Tucson City Council passed an immigration rights resolution. Mayors of 17 major cities wrote a letter to President-elect Trump urging him to continue DACA, this included mayors of New York, Los Angeles, Chicago, San Francisco, Philadelphia, Houston, Boston, Seattle, Baltimore, Long Beach, Denver, Minneapolis, San Jose, St. Louis, Phoenix, Nashville and Providence. A vast majority of civic leaders understand the grave danger posed by Trump's deportation plans to their communities, and we commend them for acting forcefully to protect and preserve their communities. Please let us know your thoughts by writing to us at

    1. Corrupt Fucking Aholes.

      Protecting, my ass.

      Ask the Steinles and the rest of the US families devastated by this disaster.

  24. Gotta love it:

    "Yet others argued that living a free society was perhaps more important and that Germans were willing to accept a certain measure of risk to preserve that openness.

    “If we want to maintain the freedom of our society, we simply have to live with the risk contained in this decision,” Die Tageszeitung said in a Wednesday editorial."

    1. “All along, I’ve been proven to be right. One hundred percent correct,” Trump said. “What’s happening is disgraceful.”

    2. We have to commit national suicide to maintain the freedom of our society.

      Evil, crazy fucks.

  25. .

    DougWed Dec 21, 05:53:00 PM EST

    What's the NEERS immigration tribunal about?

    DougWed Dec 21, 05:55:00 PM EST

    This says it was scraped:,0420-helt.shtm

    Well, sure it was scraped but it wasn't exactly scrapped.

    This is why we sometimes put up clickable links on posts, to allow interested readers to get details regarding post summaries.

    Obama can’t control his successor’s policies, but he could dismantle the National Security Entry-Exit Registration System (NSEERs), an openly discriminatory registry that was introduced in the wake of 9/11.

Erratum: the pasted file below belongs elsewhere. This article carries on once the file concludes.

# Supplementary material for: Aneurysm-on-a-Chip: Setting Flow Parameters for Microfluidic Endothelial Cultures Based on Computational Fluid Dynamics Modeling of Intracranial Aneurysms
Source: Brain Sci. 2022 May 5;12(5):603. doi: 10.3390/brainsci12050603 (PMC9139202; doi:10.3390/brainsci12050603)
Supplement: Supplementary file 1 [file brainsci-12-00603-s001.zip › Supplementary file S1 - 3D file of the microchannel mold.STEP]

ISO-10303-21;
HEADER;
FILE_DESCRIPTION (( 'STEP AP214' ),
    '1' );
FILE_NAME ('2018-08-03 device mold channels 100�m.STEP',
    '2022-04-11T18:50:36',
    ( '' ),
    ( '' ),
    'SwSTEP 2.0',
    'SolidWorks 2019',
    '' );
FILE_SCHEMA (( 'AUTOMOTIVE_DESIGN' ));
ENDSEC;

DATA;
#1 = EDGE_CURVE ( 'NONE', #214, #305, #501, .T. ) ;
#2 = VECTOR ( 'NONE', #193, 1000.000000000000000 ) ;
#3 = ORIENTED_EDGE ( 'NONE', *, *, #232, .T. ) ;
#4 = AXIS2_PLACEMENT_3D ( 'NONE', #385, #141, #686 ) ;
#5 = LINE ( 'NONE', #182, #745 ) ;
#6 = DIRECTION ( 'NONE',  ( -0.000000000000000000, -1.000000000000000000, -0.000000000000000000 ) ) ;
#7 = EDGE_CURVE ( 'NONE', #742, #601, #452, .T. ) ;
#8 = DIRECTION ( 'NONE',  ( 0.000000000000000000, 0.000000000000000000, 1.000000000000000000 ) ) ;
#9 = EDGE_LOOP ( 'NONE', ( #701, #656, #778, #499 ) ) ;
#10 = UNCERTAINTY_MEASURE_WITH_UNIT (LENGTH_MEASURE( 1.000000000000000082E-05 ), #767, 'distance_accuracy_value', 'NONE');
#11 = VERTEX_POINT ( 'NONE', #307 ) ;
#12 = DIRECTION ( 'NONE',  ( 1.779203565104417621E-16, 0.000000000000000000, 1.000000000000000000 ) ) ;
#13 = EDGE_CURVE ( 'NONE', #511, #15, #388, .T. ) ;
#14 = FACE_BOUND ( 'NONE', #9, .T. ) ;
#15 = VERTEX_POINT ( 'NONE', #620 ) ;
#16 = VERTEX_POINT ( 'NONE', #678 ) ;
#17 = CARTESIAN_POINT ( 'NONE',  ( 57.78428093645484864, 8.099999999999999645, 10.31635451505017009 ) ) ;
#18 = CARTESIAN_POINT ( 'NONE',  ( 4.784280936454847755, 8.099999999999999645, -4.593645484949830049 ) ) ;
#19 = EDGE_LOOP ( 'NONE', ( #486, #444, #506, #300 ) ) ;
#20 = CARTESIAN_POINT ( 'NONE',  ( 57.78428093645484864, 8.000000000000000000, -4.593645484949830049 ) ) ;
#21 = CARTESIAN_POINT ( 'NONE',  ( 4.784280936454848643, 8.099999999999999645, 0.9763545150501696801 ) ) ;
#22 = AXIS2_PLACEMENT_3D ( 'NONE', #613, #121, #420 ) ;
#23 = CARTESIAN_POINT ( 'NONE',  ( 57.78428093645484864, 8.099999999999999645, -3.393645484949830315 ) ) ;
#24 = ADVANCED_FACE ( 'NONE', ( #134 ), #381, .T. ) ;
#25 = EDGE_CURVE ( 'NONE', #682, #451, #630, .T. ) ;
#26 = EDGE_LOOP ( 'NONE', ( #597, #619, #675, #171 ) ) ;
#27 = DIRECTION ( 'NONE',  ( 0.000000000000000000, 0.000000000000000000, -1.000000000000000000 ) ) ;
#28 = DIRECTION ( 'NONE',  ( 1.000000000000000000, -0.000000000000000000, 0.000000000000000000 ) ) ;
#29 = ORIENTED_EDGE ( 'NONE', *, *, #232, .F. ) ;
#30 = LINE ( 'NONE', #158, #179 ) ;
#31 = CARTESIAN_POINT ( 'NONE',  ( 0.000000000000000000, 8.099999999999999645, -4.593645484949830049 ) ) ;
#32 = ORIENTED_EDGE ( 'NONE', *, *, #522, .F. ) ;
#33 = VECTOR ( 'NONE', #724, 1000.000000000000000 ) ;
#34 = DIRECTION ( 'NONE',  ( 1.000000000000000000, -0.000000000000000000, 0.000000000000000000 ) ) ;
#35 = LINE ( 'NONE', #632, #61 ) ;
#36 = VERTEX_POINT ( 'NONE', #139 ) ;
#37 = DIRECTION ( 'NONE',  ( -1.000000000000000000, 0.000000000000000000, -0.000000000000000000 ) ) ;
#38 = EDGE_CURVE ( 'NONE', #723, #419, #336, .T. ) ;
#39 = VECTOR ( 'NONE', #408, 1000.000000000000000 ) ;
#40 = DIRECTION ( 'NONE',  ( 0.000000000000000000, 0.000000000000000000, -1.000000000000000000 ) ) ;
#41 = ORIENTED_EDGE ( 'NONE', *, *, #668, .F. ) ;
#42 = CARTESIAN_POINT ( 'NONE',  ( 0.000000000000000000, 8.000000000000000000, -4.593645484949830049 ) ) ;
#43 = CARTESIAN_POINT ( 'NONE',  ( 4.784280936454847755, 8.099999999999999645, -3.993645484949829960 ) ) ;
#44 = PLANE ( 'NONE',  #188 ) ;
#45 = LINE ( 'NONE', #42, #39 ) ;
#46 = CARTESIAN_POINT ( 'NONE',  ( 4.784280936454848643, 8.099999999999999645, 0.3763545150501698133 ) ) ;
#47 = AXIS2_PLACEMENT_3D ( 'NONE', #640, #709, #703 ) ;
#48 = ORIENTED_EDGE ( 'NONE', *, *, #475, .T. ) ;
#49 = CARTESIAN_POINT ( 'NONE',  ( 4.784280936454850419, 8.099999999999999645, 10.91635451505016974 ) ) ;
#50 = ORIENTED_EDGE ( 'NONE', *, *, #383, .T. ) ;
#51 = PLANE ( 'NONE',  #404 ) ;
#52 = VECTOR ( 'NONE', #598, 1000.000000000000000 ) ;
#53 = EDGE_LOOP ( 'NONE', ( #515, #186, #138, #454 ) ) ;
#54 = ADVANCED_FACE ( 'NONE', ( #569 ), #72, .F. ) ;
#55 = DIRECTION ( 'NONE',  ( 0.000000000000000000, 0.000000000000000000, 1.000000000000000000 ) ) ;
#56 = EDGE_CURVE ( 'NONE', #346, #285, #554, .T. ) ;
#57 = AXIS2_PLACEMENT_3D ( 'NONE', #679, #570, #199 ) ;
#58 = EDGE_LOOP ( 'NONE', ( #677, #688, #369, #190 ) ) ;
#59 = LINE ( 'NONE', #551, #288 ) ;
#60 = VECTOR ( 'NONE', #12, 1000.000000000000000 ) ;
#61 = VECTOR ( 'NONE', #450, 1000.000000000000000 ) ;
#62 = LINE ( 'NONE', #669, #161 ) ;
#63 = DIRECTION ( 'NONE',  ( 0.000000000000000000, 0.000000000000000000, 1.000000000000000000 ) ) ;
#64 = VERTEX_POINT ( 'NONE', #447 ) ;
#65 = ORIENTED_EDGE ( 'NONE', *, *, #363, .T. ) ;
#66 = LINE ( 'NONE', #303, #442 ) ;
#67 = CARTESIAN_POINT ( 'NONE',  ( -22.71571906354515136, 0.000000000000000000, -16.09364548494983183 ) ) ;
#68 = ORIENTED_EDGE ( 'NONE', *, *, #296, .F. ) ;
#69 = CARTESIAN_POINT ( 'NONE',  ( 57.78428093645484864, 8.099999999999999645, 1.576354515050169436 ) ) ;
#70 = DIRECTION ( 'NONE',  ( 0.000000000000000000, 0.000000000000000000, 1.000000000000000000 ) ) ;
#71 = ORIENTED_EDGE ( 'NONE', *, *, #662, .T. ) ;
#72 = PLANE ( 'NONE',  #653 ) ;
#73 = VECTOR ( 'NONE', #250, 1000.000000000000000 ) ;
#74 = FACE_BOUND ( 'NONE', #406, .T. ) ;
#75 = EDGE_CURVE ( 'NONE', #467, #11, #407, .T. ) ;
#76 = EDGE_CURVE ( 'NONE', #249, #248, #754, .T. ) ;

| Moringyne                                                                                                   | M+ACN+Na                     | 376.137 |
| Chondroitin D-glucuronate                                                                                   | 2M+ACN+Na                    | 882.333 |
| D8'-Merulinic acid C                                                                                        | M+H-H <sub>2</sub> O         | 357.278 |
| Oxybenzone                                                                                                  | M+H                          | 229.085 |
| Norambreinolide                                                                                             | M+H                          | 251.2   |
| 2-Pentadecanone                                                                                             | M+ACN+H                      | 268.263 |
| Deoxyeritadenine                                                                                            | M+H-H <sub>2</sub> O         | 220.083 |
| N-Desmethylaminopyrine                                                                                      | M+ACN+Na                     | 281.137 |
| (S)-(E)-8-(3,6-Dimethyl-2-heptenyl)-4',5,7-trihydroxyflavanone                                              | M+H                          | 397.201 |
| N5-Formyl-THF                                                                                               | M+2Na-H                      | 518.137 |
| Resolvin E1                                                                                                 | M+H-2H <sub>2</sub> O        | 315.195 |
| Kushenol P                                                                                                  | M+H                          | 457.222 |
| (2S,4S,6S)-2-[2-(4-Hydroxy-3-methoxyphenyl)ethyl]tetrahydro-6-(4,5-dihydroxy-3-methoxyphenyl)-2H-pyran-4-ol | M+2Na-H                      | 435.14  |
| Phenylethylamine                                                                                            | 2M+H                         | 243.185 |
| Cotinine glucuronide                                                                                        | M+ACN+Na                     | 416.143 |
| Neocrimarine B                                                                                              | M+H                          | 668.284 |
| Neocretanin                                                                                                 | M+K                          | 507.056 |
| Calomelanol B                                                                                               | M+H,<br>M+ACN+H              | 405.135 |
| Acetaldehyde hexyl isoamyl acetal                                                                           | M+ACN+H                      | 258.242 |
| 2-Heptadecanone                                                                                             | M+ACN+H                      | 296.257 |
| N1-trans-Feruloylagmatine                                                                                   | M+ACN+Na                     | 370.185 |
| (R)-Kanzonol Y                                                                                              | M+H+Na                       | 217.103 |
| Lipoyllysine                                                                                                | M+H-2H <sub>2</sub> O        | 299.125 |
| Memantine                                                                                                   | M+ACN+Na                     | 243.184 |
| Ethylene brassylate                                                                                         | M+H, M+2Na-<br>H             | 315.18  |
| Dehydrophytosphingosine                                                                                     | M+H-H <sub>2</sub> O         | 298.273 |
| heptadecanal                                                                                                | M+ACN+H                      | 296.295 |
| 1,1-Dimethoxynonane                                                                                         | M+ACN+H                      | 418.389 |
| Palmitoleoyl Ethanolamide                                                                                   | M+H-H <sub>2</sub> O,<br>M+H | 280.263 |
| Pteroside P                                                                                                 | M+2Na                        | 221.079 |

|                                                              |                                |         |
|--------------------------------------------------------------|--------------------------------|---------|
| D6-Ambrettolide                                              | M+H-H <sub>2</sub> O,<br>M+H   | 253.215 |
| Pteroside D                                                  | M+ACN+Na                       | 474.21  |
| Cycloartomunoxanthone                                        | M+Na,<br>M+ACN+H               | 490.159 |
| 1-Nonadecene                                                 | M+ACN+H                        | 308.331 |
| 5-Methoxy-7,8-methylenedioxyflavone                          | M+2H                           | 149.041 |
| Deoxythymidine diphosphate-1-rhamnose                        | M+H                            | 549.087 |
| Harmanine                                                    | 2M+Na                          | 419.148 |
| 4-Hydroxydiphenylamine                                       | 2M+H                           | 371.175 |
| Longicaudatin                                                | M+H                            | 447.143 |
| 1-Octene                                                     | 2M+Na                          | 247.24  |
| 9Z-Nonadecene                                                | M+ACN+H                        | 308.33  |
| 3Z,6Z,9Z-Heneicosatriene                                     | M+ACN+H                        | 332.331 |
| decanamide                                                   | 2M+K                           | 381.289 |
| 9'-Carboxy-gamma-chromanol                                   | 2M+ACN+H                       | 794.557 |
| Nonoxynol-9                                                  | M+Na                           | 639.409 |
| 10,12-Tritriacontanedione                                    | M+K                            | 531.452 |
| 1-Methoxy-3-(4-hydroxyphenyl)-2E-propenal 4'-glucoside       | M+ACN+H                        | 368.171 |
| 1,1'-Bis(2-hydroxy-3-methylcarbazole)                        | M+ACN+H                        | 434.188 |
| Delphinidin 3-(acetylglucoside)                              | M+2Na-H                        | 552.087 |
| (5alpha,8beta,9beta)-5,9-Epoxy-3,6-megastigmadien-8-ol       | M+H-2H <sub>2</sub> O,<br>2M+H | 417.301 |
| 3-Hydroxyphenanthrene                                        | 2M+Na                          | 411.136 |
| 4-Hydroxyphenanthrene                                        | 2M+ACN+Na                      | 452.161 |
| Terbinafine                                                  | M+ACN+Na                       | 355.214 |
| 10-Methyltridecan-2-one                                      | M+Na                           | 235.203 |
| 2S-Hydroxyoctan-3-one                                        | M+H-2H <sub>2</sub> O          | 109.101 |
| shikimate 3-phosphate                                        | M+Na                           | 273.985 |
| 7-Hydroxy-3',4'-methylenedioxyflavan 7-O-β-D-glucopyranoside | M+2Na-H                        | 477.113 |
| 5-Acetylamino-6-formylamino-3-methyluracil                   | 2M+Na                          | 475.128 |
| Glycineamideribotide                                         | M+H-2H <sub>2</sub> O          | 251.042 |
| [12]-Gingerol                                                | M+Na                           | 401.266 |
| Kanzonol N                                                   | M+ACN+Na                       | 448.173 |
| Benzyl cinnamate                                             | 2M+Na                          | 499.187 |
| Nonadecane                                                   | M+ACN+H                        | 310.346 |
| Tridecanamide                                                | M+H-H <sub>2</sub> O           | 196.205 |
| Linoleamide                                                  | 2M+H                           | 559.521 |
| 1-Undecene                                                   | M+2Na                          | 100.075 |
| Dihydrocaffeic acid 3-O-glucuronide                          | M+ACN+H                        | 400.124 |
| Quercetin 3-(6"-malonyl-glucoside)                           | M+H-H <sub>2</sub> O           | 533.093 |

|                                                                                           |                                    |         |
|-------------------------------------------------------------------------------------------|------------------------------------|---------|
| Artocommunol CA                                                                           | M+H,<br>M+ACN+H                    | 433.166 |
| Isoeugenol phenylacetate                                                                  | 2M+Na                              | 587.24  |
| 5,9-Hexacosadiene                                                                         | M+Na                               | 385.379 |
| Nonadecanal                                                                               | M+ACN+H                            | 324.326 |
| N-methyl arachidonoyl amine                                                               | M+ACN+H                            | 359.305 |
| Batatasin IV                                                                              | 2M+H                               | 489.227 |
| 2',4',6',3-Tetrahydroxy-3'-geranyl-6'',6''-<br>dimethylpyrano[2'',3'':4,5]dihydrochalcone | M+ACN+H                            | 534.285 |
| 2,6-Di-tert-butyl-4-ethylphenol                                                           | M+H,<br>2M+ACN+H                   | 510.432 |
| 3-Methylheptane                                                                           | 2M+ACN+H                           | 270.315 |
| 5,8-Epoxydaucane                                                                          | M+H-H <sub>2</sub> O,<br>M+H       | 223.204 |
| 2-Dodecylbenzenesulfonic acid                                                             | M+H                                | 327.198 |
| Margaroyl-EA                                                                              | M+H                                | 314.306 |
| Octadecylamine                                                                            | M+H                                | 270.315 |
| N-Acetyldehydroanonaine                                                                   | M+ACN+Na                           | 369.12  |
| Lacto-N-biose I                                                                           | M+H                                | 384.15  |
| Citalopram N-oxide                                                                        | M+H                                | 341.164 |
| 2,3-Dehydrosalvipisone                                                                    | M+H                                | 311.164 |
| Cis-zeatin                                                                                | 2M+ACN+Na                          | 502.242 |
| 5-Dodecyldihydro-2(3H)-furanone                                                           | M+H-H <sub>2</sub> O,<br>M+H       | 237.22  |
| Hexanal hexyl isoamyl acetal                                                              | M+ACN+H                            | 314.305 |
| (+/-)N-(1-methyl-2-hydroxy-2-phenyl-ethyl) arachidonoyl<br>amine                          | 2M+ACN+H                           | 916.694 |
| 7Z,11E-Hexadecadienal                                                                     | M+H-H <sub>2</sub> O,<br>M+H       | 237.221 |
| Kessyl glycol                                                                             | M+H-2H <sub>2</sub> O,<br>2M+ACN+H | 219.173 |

The system was used to track people from majority Arab or Muslim countries and has been widely criticized as an ineffective racial profiling tool. It did not lead to a single terrorism conviction.

    The president effectively halted the program in 2011, but the NSEERs regulatory framework remains in place. If Obama rescinded the system altogether, it would make it significantly harder for Trump to build a Muslim registry.


    1. .

      Obama's action on Neers (or some would say inaction)is similar to his signing of the new sanctions bill on Iran but then not allowing the sanctions to go into effect. He lacks the balls to come right out and make a decision and stick with it. Everything he does is political and has little to do with the right or wrong of the issue. It's impossible to know for sure what the guy actually thinks.


    2. You got that right, but if he does it by executive order can't Trump rescind it?

    3. This comment has been removed by the author.

    4. .

      I don't know.

      The article talks about a regulatory framework. I suppose it depends on whether we are talking about a law or a rule put in by the bureaucrats in charge in which case I guess he could influence the bureaucracy to change or eliminate the rule.


    5. .

      Maybe threaten them with a poor performance review.


      Actually, that might actually scare them. I don't think there was ever a bad performance review in the history of the Obama administration. You wouldn't want to be the first.


  26. You got me to find a site that would send me into terminal depression if I read it every day.

  27. Are you faintly cynical and weary of the world, blasé, or a Mathematician?

    1. Because I am a Mathematician and have calculated the trends I have become faintly cynical and weary of the world.